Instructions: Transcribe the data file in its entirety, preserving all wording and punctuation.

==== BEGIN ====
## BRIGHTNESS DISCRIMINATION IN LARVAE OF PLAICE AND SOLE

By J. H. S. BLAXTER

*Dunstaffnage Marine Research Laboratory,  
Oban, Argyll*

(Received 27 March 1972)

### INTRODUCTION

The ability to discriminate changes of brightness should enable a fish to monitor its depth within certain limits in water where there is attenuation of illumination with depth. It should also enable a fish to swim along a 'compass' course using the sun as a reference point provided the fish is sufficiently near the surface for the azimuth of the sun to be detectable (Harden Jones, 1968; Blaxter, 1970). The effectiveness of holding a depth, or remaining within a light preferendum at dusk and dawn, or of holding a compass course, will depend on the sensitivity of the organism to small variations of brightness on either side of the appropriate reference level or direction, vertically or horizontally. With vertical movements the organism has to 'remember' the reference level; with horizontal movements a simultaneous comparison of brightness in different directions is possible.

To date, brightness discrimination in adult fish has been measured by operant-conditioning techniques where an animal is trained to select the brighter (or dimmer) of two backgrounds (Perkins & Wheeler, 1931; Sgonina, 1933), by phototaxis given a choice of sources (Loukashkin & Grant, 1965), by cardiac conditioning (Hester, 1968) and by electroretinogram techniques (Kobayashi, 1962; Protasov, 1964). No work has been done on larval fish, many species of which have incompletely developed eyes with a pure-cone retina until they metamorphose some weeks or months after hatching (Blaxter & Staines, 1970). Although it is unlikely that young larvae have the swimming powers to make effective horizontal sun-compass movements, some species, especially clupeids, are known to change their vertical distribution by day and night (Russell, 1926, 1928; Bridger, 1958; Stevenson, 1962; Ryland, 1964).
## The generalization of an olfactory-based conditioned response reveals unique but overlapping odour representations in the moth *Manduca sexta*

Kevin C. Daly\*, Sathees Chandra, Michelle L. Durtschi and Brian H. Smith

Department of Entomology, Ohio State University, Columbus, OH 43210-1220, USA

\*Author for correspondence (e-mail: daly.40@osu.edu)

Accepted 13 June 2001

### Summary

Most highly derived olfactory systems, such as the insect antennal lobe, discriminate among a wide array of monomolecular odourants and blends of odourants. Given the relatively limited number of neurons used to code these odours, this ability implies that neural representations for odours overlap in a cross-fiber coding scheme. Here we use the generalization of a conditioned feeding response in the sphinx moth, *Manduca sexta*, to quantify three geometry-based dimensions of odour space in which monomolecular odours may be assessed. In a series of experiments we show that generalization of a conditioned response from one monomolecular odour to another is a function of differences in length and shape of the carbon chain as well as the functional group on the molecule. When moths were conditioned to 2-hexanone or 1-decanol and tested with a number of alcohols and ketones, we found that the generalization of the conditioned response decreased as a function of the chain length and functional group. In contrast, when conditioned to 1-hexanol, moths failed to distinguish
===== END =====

## BRIGHTNESS DISCRIMINATION IN LARVAE OF PLAICE AND SOLE

By J. H. S. BLAXTER

*Dunstaffnage Marine Research Laboratory,  
Oban, Argyll*

(Received 27 March 1972)

### INTRODUCTION

The ability to discriminate changes of brightness should enable a fish to monitor its depth within certain limits in water where there is attenuation of illumination with depth. It should also enable a fish to swim along a 'compass' course using the sun as a reference point provided the fish is sufficiently near the surface for the azimuth of the sun to be detectable (Harden Jones, 1968; Blaxter, 1970). The effectiveness of holding a depth, or remaining within a light preferendum at dusk and dawn, or of holding a compass course, will depend on the sensitivity of the organism to small variations of brightness on either side of the appropriate reference level or direction, vertically or horizontally. With vertical movements the organism has to 'remember' the reference level; with horizontal movements a simultaneous comparison of brightness in different directions is possible.

To date, brightness discrimination in adult fish has been measured by operant-conditioning techniques where an animal is trained to select the brighter (or dimmer) of two backgrounds (Perkins & Wheeler, 1931; Sgonina, 1933), by phototaxis given a choice of sources (Loukashkin & Grant, 1965), by cardiac conditioning (Hester, 1968) and by electroretinogram techniques (Kobayashi, 1962; Protasov, 1964). No work has been done on larval fish, many species of which have incompletely developed eyes with a pure-cone retina until they metamorphose some weeks or months after hatching (Blaxter & Staines, 1970). Although it is unlikely that young larvae have the swimming powers to make effective horizontal sun-compass movements, some species, especially clupeids, are known to change their vertical distribution by day and night (Russell, 1926, 1928; Bridger, 1958; Stevenson, 1962; Ryland, 1964).
## The generalization of an olfactory-based conditioned response reveals unique but overlapping odour representations in the moth *Manduca sexta*

Kevin C. Daly\*, Sathees Chandra, Michelle L. Durtschi and Brian H. Smith

Department of Entomology, Ohio State University, Columbus, OH 43210-1220, USA

\*Author for correspondence (e-mail: daly.40@osu.edu)

Accepted 13 June 2001

### Summary

Most highly derived olfactory systems, such as the insect antennal lobe, discriminate among a wide array of monomolecular odourants and blends of odourants. Given the relatively limited number of neurons used to code these odours, this ability implies that neural representations for odours overlap in a cross-fiber coding scheme. Here we use the generalization of a conditioned feeding response in the sphinx moth, *Manduca sexta*, to quantify three geometry-based dimensions of odour space in which monomolecular odours may be assessed. In a series of experiments we show that generalization of a conditioned response from one monomolecular odour to another is a function of differences in length and shape of the carbon chain as well as the functional group on the molecule. When moths were conditioned to 2-hexanone or 1-decanol and tested with a number of alcohols and ketones, we found that the generalization of the conditioned response decreased as a function of the chain length and functional group. In contrast, when conditioned to 1-hexanol, moths failed to distinguish